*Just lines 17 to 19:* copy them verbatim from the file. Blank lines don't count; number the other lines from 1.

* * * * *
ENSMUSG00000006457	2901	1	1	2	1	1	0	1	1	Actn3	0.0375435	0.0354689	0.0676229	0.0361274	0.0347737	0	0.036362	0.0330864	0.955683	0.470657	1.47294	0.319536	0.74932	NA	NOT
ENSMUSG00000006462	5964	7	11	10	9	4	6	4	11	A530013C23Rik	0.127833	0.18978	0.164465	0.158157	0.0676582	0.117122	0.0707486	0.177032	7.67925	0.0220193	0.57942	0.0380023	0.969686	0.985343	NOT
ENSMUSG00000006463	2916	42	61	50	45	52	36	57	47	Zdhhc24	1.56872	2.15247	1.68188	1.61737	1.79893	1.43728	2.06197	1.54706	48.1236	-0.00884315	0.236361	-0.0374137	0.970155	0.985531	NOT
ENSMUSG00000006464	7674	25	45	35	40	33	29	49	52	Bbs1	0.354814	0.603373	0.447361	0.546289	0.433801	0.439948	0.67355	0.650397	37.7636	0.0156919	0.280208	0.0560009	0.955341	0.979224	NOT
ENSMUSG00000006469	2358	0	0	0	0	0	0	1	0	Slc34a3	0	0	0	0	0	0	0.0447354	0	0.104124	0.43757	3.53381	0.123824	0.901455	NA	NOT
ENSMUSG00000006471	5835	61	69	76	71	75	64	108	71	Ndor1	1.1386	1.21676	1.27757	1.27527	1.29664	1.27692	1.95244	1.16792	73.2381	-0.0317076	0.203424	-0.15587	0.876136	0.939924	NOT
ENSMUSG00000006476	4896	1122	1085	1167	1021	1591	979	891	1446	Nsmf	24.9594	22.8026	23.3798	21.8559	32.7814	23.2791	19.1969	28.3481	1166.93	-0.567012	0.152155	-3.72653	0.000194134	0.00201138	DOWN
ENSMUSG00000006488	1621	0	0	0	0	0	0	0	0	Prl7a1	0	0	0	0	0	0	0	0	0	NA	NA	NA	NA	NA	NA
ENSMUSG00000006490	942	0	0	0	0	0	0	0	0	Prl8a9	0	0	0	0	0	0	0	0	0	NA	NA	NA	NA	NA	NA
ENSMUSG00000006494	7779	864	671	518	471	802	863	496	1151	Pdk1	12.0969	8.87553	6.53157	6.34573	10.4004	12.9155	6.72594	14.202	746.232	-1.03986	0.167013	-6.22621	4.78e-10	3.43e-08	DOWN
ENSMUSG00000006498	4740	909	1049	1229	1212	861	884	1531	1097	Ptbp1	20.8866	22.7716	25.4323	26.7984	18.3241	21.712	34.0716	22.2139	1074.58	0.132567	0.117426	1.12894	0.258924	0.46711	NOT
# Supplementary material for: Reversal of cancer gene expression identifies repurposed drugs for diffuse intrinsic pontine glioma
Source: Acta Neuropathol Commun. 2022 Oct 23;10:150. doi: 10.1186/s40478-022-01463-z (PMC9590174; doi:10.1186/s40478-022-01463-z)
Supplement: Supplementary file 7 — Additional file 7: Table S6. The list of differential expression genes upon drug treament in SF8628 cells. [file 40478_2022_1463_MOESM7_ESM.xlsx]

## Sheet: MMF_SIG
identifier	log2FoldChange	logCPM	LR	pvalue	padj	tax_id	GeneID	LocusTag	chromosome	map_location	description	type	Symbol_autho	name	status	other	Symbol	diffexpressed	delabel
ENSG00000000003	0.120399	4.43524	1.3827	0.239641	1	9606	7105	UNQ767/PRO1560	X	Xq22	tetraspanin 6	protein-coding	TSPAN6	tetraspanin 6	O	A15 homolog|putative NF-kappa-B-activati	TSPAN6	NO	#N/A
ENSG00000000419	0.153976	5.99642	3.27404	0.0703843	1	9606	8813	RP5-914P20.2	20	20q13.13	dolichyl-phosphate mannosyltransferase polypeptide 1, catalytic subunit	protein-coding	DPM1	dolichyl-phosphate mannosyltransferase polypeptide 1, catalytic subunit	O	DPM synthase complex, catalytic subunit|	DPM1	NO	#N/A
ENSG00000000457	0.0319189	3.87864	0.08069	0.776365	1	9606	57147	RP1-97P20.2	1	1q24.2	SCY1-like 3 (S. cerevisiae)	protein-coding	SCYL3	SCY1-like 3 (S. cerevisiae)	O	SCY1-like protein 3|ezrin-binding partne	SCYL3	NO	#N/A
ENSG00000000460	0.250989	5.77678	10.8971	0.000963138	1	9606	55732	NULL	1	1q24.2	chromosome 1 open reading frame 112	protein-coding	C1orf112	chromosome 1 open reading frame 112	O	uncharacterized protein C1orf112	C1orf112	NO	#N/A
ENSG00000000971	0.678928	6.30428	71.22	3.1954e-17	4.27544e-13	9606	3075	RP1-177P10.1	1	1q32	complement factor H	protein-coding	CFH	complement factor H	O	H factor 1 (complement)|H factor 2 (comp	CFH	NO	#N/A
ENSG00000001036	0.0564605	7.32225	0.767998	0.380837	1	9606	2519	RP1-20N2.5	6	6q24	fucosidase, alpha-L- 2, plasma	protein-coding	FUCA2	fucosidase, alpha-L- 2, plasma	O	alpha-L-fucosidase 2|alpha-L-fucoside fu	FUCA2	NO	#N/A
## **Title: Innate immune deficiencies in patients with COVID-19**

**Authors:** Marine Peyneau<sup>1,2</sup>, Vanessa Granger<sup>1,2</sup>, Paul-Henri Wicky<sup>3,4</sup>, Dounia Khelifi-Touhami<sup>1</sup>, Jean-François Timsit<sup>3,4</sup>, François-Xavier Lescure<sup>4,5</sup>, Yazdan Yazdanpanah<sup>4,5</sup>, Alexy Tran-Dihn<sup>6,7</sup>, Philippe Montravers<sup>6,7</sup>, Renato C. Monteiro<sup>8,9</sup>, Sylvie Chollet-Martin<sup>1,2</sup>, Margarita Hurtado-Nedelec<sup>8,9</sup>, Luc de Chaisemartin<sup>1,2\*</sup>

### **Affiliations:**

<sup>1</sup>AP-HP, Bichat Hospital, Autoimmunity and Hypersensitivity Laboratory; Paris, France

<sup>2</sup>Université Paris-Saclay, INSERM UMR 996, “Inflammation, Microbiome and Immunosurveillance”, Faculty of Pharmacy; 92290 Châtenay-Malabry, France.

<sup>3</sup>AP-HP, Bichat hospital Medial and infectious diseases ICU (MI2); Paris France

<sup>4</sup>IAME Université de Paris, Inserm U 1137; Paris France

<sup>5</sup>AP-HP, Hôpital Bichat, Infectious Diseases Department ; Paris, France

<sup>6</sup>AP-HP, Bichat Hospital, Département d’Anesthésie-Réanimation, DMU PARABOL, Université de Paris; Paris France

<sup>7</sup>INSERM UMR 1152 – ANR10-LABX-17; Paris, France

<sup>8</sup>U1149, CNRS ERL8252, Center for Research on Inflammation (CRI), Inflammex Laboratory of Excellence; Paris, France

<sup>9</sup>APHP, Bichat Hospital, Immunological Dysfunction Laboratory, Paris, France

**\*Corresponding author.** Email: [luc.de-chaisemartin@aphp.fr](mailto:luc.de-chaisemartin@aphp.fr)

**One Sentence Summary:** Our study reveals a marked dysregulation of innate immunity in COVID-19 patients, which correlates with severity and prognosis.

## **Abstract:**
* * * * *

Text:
ENSG00000000003	0.120399	4.43524	1.3827	0.239641	1	9606	7105	UNQ767/PRO1560	X	Xq22	tetraspanin 6	protein-coding	TSPAN6	tetraspanin 6	O	A15 homolog|putative NF-kappa-B-activati	TSPAN6	NO	#N/A
ENSG00000000419	0.153976	5.99642	3.27404	0.0703843	1	9606	8813	RP5-914P20.2	20	20q13.13	dolichyl-phosphate mannosyltransferase polypeptide 1, catalytic subunit	protein-coding	DPM1	dolichyl-phosphate mannosyltransferase polypeptide 1, catalytic subunit	O	DPM synthase complex, catalytic subunit|	DPM1	NO	#N/A
ENSG00000000457	0.0319189	3.87864	0.08069	0.776365	1	9606	57147	RP1-97P20.2	1	1q24.2	SCY1-like 3 (S. cerevisiae)	protein-coding	SCYL3	SCY1-like 3 (S. cerevisiae)	O	SCY1-like protein 3|ezrin-binding partne	SCYL3	NO	#N/A